THERE have been two presidents of the Russian Socialist Federated Soviet Republic; only recently we have become vaguely aware of one of them. Ever since the Bolshevik coup d' etat America has spoken of the Soviet Government as "the government of Lenin and Trotsky." America was right in so far as these men enjoy immense power, and wrong in so far as she imagined it would have been· possible at any time, and less so now, for either of these men or both of them to have abruptly changed the government's policy from right to left or left to right without first receiving indisputable orders from the masses.
Relatively, Lenin has more power than Lloyd George and Trotsky considerably less; while President Kalinin, who began his office as little more than a figure-head, has been saved from the emptiness of such a position because he is so symbolic of the growing power of the peasants. Already more power has been bestowed upon him through the course of events than perhaps he himself realizes. Surely when he set out in his painted train on his first journey through the provinces three years ago, he could hardly have foreseen his place in history as one of the greatest influences in molding the new state.
Kalinin's growing influence is a true barometer of public opinion or, to be more exact, of the reassertion of public opinion. And it is interesting to note that while many of the stars in the Communist sky are considerably dimmed by the ascendancy of Kalinin, Premier Lenin's position is only made stronger. This is because the new pressure from below is for compromise, and public men go down under retreat much faster than when their banners are flying triumphantly in advance. Lenin is practical enough to understand the advantages of a well-ordered retreat above those of a rout: he will save all he can of the Socialist state instead of abandoning it on the fields of battle.
It was the question of private property which became the vital issue in 1920 inside and outside of Russia. The abolition of private property was made possible by a determined, conscious minority. It was re-established by the pressure of a slow-moving, solid, unconscious majority; that majority was the peasants. I do not mean that the peasants are now actually in control of the state. I merely wish to point out that they already hold the balance of power and that they move towards control with the crushing surety of a glacier. They hold, strategically, the same position that the Bolsheviks did under Kerensky, but they will never pursue the same tactics; they will assume power gradually just because they are the majority; it is only a minority which must act with dramatic haste, counting on brains, daring and psychological moments.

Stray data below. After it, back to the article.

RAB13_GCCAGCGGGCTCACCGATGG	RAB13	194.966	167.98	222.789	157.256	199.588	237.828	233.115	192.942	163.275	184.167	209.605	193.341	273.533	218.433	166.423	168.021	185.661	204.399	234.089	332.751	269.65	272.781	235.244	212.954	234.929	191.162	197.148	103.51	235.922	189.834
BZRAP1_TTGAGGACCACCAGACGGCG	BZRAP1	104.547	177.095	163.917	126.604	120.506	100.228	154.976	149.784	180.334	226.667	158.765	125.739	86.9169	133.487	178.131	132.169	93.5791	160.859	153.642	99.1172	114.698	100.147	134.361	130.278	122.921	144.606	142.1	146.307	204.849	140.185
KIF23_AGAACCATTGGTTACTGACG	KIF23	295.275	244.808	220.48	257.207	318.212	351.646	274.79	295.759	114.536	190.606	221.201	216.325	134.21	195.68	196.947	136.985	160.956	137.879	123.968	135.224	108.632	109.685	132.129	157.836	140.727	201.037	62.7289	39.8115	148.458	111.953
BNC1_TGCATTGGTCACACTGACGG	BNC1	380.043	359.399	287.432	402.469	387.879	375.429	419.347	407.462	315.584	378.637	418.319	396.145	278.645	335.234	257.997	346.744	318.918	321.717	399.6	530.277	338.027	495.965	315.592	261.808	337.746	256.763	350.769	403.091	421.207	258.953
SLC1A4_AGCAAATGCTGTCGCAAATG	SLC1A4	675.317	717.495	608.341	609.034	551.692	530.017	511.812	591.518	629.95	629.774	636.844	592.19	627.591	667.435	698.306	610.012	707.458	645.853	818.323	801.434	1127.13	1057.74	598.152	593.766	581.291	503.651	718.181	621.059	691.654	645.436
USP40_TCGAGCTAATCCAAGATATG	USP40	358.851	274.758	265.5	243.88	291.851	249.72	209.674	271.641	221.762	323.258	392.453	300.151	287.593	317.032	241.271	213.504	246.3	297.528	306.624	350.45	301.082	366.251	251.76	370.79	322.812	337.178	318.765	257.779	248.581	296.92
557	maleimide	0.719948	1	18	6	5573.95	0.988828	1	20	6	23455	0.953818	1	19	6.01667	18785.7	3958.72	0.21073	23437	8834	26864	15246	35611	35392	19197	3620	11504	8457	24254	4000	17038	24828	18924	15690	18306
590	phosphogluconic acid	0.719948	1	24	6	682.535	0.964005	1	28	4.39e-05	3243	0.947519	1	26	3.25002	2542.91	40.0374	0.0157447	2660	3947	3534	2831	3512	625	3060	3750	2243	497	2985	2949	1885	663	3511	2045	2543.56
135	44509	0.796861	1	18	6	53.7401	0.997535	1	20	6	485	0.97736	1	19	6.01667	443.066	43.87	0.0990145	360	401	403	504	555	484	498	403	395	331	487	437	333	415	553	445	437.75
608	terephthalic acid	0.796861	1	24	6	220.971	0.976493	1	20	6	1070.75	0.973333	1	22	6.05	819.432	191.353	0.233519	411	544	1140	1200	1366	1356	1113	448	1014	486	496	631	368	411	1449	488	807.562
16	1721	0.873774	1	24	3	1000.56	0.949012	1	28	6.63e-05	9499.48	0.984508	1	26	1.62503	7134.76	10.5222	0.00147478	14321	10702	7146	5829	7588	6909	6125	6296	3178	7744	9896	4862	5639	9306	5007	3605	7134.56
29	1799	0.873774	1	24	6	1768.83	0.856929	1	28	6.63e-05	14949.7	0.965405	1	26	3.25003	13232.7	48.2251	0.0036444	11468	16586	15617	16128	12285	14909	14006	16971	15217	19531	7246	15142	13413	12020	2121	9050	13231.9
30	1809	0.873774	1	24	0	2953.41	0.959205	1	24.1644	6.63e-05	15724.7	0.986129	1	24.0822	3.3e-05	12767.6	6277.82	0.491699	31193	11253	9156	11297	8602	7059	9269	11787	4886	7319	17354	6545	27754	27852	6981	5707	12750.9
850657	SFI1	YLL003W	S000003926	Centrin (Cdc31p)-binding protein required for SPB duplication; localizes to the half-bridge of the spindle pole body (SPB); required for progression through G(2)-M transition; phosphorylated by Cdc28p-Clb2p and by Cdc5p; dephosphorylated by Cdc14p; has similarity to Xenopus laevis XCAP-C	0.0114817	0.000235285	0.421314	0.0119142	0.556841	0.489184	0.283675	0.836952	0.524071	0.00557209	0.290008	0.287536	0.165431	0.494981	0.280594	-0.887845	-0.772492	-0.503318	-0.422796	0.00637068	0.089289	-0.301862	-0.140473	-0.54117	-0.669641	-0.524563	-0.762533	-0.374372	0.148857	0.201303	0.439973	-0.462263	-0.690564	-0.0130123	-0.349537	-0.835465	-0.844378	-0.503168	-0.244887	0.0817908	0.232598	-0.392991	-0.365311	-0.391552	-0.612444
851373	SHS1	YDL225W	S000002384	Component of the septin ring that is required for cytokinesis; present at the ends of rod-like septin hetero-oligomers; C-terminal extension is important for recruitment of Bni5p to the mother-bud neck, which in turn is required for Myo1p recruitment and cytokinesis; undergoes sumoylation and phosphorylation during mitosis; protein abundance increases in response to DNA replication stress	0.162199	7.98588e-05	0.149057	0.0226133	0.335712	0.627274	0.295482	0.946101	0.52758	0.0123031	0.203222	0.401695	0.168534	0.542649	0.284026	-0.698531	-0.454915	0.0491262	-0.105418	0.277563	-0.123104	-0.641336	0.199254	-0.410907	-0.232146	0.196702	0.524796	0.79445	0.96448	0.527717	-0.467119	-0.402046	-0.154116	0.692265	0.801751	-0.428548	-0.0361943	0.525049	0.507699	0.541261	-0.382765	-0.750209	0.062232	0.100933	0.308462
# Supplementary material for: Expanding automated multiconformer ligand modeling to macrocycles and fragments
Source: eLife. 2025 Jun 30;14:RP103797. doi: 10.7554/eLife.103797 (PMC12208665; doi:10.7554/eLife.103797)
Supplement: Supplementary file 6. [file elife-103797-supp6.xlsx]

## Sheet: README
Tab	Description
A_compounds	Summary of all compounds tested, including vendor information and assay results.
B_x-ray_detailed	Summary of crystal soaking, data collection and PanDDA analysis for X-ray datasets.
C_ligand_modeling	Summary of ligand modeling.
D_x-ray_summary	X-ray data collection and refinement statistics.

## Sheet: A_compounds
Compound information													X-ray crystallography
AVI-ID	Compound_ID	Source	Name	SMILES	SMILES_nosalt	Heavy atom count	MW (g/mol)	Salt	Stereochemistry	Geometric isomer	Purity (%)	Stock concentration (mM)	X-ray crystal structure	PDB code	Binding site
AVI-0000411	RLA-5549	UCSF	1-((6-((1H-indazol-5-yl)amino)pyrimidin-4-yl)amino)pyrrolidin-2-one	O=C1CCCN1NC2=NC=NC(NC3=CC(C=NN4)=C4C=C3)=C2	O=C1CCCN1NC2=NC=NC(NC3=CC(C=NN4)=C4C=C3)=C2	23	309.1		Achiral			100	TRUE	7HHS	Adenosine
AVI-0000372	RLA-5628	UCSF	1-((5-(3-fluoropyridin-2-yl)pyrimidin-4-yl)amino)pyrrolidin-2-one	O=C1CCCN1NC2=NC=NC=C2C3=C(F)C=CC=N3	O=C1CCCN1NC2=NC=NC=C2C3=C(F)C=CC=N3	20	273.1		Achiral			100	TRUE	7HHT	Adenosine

It was logical that the first President should have been a man who represented the city workers and the second President, a peasant; for in such wise did the revolution settle itself.
Most of the Communists did not approve of Kalinin's election. Lenin alone sensed the proper time to place a peasant as nominal head of the Soviets; a peasant who should begin as Master of Ceremonies and who, in his peasant's garb and with his peasant's tongue, should bring Lenin's ideas to the people; a peasant who would never cease being a peasant and who would come back to Lenin and say, "This and this they will have, here they cannot follow and there they will lead." Lenin gazed at Russia through Kalinin's eyes as one gazes in a crystal.
In 1917 when the Bolsheviks seized control of the state, a delicate little man called Jacob Michaelovitch Sverdlov, a chemist by profession and a revolutionist by conviction, was Chairman of the Central Executive Committee of the Workers and Soldiers Deputies; this meant that he controlled the Red Guards, the conscious workers and the revolting soldiers; it meant he held a position of such tremendous authority that he could not be ignored by anybody. So when the first Council of the People's Commissars was formed, which is really no other than the cabinet of the Russian Government, Sverdlov was the first person taken into consideration by them. And in order to find a place for him they created the office of President. When he accepted that office he gave up his direct control and became but one voice in a group. Nevertheless, all through the barricade days he continued to act as the spokesman in the cabinet for the Petrograd workers who were, for at least the first year, a power above the cabinet. In the winter of 1918 Sverdlov died of typhus and was buried on the Red Square in Moscow.
During the time Sverdlov was president the government was in continual difficulty with the peasants. They resisted the government's requisitioning expeditions, retreated within themselves and almost ignored the central power until the provinces were in a continual state of guerilla warfare. They managed their local Soviets with little or no thought of the Moscow Government. Civil war continued .and, with the aid of France and England, grew apace; hard dark days settled over Russia. Sverdlov looked about for an entering wedge which would somehow pierce the way to an eventual understanding and co-operation with the local and central Soviets. In this search Sverdlov discovered Kalinin. Kalinin was already immensely popular with the peasants; he had been on every Land Committee of importance since the beginning of the first revolution, · under both Miliukov and Kerensky.
During his term of office Sverdlov used Kalinin as a mediator in many difficult situations and Lenin watched his work with interest. A n old Communist explained Kalinin's election in these words: "He was a 'find' of Sverdlov's, but it was Lenin alone who realized that ays might come when he would be invaluable in holding Russia together." Those days have come; they came with the tightening of the blockade and continued with the famine.
Kalinin is a Communist, a brand of Communist differing as much from Zinoviev or Litvinov as Borah differs from Hughes or Hughes differs from Root; yet Hughes and Borah and Root are Republicans steeped to the bone in party discipline, rampaging now and then, but never dreaming of breaking away from the party. Kalinin believes in a kind of Communism, modified enough to suit the peasants, and Zinoviev believes in a kind of Communism that is suited, at any time, only for the advanced and conscious city proletariat.